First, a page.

Since the release of the wonderfully whimsical Maybes EP in 2009, Mount Kimbie have cut an odd pose at the more twee end of UK bass music (yes, UK bass music has a twee end, even if it consists solely of Mount Kimbie and James Blake). Here on their sophomore record they abandon that scene almost entirely, bringing in singer/songwriter Archie Marshall, aka King Krule/Zoo Kid, to provide vocals alongside their own. Guitars are also in, largely replacing the sampled sounds and electronic bleeps and bloops that previously formed the melodies in their productions. Elsewhere, the frenetic percussion is matched by jazzy basslines which in turn complement Marshall's snarled and spluttered vocals far better than the backing on his own 2013 debut. Another fine effort from the London pair. (GB)


Maya Jane Coles - Comfort

Maya Jane Coles has for some time been one of the biggest DJs in the world, regularly featuring near the top of lists by the most influential electronic music media sources. This was the year Coles stepped from outside of the booth and into the limelight with her excellent debut album Comfort. Taking cues from the house music scene in which she has made her name and combining them with pop sensibilities has proven, as for Disclosure, to be a great move for Coles. The record has opened up an entirely new sphere for its young and talented creator. A much-discussed BBC Radio 1 Essential Mix and a storming Ella Fitzgerald remix have proven to be the cherries atop the cake in another stellar year for Maya Jane Coles. (GB)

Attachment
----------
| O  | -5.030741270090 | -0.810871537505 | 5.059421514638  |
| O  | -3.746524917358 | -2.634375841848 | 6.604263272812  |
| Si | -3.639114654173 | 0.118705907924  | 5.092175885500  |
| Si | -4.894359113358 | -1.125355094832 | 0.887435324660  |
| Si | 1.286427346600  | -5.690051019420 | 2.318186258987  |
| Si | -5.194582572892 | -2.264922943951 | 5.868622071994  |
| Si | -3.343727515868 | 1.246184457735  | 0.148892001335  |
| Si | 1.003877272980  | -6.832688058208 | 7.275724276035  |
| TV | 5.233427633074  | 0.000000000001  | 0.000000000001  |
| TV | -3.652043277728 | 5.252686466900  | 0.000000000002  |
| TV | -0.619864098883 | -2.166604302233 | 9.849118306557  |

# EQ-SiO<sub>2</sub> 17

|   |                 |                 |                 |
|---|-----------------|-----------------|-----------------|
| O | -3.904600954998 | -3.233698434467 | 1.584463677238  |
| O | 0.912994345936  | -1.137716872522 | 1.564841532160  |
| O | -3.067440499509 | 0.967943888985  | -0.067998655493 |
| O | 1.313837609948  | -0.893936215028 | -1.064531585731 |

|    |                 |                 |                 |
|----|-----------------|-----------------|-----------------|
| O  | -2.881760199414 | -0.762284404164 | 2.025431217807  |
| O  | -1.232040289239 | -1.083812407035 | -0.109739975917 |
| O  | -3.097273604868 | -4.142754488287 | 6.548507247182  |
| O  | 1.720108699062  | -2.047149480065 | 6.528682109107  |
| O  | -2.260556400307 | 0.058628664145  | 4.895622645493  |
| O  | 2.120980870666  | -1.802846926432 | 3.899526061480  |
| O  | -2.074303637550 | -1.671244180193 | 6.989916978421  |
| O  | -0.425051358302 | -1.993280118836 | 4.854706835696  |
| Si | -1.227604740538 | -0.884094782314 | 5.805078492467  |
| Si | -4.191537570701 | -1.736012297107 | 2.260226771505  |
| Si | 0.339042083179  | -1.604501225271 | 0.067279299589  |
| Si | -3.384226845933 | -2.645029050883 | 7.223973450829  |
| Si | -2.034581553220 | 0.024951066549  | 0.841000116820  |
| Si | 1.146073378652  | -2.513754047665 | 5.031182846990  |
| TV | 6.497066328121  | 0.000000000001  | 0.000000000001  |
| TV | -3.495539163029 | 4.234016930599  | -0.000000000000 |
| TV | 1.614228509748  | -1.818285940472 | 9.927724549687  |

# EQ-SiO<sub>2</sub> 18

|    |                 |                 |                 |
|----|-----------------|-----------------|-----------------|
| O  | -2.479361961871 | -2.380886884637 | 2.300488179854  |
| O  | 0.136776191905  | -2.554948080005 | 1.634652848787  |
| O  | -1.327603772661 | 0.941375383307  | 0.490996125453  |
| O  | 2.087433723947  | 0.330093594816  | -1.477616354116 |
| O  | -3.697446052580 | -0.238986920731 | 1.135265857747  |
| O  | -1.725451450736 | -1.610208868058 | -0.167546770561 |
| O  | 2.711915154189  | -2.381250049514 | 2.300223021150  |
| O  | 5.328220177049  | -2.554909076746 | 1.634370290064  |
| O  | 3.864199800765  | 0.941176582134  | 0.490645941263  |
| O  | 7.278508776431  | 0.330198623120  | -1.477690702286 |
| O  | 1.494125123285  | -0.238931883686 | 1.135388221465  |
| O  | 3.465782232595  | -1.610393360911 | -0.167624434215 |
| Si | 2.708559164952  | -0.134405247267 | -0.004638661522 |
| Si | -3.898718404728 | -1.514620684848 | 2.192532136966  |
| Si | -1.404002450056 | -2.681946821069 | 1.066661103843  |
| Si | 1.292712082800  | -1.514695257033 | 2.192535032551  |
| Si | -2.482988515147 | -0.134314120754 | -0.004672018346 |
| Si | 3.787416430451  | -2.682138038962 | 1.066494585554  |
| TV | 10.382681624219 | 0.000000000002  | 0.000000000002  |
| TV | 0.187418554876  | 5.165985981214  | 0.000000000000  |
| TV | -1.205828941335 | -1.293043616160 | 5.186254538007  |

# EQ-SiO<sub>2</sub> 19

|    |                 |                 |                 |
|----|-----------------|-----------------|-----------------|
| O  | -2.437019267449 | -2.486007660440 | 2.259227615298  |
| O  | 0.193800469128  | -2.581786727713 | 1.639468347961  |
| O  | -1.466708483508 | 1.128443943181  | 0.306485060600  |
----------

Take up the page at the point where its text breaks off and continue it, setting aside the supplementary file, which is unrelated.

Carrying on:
The Haxan Cloak - Excavation

Bobby Krlic could never be accused of looking on the brighter side of life; his second record as The Haxan Cloak is intended as an exploration of the idea of death and what comes after, the title of standout track "The Drop" being a reference to the sudden final fall into non-existence. Alongside recent records from Raime and Lustmord, this album forms the forefront of a seemingly buoyant (how ironic) UK dark ambient scene. In a recent interview with Resident Advisor, Krlic revealed that he had used no electronic instrumentation on Excavation, instead using his equipment to process the sounds of classical instruments, confounding one member of the London Symphony Orchestra apparently unable to work out how he had managed to coax a particular note from his cello. What this record lacks in cheer it certainly makes up for in moments of spine-tingling, sinister beauty. (GB)